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Where I can find overview of computer science, programming etc.?

I graduated in physics and want to begin programming or similar and I'm not even sure of what's out there or where to begin. What I'm looking for is some broad overview of existing technologies - just like you have a book "Physics of elementary particles" that explains general view of that area, but for computers/programming of course.

Do you have some book to recommend?

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try wikipedia.com –  Casey Nov 19 '10 at 0:05

5 Answers 5

up vote 8 down vote accepted

Concrete Mathematics: A Foundation for Computer Science by Ronald Graham, Donald Knuth, and Oren Patashnik would be my suggestion for a generic book covering some basics though it is a bit Math-heavy.

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I'm sure Mr. Physics above won't be scared away by some math :) –  dr Hannibal Lecter Nov 18 '10 at 19:16

I'll answer your question with another question: what problem would you like to solve? Programming isn't about doing anything, it's about solving problems. Programming languages themselves are like tools; some are hammers, some are screwdrivers, some are table saws. Each of those tools is more suited to solving a particular problem, so it's a good idea to know what problem you want to solve before you try figuring out what tool you should solve it with.

Once you know what kind of problem you're looking to solve, we can give you significantly better suggestions on where you should start.

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I found Code Complete 2 to be excelent. In fact I would say its a must ready for every developer. its very broad and covers more than just programing, like software development life cycle, intergation, some testing...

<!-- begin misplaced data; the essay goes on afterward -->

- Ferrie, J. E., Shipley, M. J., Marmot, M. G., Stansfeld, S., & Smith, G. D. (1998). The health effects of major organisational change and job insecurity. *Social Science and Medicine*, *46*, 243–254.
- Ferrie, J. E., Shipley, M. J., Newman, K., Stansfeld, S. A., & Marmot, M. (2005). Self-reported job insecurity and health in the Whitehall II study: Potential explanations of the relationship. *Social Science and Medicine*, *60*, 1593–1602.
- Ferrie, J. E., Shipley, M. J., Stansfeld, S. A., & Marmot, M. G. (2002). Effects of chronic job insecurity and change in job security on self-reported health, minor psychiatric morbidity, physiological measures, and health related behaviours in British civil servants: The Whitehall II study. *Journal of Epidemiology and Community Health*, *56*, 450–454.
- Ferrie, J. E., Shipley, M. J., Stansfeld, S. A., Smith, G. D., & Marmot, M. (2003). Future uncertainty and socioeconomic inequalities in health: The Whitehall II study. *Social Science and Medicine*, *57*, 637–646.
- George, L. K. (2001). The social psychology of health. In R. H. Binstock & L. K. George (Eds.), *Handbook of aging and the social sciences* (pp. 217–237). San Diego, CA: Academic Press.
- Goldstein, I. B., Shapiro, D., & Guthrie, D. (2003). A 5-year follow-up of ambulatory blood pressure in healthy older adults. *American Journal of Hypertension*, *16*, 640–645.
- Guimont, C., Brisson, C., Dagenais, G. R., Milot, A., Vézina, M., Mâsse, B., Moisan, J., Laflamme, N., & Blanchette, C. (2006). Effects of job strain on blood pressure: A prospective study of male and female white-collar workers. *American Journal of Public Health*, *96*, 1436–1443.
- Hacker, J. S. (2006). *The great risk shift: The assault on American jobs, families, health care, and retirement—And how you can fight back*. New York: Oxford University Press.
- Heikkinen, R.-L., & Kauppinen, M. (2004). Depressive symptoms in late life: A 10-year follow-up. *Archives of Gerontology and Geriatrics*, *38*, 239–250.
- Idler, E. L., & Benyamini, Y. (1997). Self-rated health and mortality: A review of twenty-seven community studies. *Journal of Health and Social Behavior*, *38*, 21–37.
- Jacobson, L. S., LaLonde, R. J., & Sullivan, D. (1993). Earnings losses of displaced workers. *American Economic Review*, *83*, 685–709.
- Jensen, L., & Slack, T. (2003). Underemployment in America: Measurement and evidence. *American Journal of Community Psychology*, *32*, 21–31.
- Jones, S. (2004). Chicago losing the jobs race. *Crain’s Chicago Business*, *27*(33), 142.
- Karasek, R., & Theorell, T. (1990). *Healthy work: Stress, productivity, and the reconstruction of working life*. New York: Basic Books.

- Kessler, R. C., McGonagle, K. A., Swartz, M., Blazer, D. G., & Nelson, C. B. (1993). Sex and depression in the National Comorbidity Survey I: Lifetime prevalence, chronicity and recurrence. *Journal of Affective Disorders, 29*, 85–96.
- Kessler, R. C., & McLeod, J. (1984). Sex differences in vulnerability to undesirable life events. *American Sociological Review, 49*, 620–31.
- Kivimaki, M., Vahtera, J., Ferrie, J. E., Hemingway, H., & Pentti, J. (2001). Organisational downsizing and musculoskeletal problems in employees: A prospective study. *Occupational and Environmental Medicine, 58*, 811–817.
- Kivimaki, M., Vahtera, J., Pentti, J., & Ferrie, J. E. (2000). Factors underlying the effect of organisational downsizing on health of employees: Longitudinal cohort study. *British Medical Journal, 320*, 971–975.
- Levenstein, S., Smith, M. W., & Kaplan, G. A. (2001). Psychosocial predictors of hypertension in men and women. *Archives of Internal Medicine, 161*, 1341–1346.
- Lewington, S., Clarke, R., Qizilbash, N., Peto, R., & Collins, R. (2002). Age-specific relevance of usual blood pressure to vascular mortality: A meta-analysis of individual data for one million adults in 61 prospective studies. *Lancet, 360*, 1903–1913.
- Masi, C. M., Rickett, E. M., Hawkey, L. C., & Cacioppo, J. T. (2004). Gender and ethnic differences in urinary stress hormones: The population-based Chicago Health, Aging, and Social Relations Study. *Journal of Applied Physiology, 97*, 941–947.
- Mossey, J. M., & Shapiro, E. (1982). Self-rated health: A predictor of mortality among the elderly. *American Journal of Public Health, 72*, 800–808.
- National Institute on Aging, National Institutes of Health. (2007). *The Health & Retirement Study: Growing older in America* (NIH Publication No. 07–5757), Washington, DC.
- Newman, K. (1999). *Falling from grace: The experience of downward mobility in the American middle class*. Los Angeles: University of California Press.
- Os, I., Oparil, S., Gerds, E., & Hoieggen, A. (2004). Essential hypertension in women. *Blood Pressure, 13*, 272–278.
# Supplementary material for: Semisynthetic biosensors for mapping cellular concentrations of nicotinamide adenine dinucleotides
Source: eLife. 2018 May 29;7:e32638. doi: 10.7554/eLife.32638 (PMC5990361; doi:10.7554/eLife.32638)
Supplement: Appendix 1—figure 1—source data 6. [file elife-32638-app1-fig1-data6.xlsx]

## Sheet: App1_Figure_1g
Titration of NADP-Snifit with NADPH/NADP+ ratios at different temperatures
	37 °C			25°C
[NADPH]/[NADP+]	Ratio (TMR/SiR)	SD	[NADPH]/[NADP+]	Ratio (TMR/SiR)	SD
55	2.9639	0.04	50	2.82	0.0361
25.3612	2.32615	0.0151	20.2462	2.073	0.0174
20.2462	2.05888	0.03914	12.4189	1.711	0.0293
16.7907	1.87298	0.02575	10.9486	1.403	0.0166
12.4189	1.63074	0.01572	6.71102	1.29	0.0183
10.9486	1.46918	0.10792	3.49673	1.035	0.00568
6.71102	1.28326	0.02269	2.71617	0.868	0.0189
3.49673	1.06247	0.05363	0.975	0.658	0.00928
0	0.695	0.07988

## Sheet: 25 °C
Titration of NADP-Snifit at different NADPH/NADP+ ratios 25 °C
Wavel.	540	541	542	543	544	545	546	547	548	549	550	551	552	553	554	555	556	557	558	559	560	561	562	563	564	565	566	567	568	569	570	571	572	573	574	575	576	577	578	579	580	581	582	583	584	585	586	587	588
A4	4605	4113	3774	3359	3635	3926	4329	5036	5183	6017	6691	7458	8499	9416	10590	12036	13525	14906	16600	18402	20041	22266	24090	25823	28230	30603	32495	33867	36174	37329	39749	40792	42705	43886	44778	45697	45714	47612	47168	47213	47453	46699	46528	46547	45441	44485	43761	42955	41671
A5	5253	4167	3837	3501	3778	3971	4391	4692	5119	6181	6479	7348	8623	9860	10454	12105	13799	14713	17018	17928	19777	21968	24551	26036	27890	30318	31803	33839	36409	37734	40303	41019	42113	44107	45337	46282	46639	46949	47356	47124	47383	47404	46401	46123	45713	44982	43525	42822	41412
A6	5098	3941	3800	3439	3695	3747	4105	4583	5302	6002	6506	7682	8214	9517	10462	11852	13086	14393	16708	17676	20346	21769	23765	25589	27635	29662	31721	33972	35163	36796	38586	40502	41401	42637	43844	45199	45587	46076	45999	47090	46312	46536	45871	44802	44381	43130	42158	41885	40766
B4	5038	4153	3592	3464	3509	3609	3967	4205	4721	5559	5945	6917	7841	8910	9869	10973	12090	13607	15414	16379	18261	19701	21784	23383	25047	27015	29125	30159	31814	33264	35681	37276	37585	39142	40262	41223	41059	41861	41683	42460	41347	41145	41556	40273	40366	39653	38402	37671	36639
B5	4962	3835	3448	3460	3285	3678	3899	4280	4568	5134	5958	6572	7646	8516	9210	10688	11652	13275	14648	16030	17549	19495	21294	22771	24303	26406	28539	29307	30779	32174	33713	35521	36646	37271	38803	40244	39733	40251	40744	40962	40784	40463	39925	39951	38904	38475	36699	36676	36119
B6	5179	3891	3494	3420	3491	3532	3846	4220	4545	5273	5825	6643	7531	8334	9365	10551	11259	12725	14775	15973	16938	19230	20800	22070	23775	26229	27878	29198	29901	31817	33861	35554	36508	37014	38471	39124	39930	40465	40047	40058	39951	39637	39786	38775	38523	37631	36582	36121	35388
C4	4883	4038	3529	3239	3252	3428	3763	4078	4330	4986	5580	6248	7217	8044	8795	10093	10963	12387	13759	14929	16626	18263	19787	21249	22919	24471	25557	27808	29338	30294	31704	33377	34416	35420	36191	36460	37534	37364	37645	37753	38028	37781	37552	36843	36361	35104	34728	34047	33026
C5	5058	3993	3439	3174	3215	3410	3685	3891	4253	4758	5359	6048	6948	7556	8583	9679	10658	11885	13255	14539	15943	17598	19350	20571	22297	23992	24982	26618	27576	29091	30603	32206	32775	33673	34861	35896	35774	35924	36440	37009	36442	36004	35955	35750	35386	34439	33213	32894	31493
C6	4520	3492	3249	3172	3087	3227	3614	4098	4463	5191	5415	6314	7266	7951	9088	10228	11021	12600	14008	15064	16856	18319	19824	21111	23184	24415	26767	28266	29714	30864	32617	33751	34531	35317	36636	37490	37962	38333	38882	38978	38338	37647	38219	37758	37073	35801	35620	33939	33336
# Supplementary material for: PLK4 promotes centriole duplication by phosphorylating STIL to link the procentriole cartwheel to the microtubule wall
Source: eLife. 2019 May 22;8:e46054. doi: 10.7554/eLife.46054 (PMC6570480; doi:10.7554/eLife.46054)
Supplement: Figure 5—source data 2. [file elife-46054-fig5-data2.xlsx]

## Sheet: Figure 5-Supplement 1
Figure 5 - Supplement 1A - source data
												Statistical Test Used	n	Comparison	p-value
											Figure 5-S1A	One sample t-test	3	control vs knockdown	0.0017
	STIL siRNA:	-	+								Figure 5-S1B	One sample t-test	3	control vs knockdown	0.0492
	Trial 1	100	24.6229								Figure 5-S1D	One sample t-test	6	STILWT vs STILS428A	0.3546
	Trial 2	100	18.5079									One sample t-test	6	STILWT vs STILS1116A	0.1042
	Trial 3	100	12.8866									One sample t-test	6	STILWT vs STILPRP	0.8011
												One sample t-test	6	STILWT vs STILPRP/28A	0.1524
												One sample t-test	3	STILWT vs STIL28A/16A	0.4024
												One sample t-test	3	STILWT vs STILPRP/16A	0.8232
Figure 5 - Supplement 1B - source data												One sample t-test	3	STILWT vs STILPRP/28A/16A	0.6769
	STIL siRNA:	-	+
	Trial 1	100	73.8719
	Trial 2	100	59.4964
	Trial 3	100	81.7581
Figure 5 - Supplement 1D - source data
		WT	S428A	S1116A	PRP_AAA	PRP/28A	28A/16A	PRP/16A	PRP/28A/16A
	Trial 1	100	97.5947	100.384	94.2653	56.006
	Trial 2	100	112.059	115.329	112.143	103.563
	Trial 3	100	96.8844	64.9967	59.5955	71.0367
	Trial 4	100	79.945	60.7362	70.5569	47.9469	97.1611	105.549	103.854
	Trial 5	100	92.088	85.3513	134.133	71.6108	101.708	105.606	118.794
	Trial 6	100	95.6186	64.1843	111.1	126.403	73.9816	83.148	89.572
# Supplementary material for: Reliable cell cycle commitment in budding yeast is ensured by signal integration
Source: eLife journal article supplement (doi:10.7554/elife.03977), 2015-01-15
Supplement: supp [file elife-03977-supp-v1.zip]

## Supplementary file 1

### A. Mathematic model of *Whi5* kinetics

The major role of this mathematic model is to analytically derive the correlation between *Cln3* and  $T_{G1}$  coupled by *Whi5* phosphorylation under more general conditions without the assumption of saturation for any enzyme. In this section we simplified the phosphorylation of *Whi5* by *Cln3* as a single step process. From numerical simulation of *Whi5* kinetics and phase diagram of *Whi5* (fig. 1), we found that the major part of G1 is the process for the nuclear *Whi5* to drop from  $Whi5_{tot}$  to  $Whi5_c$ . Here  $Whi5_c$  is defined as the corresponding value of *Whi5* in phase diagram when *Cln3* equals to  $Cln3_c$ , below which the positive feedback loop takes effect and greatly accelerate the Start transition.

its more focused on the software developer(some one creating comercial application) than the computer scientist.

http://www.amazon.com/Code-Complete-Practical-Handbook-Construction/dp/0735619670/ref=sr_1_1?ie=UTF8&qid=1290131411&sr=8-1

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I make all the "entry-level" programmers at our company get this book. The company even pays for it. While it (at times) can be considered a little out-dated, the basic concepts that it presents and thoughts on development and the development cycle are ideas that should always be in a programmers mind (somewhere, deep...) –  Paige Watson Nov 19 '10 at 18:10

Reading things is fine, but you need to tackle a project, something that's interesting to you. Do it in a nice middle-of-the-road language like C++ or Java. Beware of pitfalls such as a) too much "religion" coming from the computer science side, or b) too much sloppiness coming from the do-it-in-Fortran folks outside of CS.

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The Software Carpentry site covers many topics in practical programming, software design and essential tools and techniques aimed specifically at scientists. I find it worth browsing even for topics I already know about, and as a physicist/artist find it makes more sense than the thousands of sites and books aimed at the CS crowd, big enterprise systems developers, IT experts and the other non-scientist types.

http://software-carpentry.org/ "Since 1997, Software Carpentry has taught scientists and engineers the concepts and skills they need to use computers more effectively."

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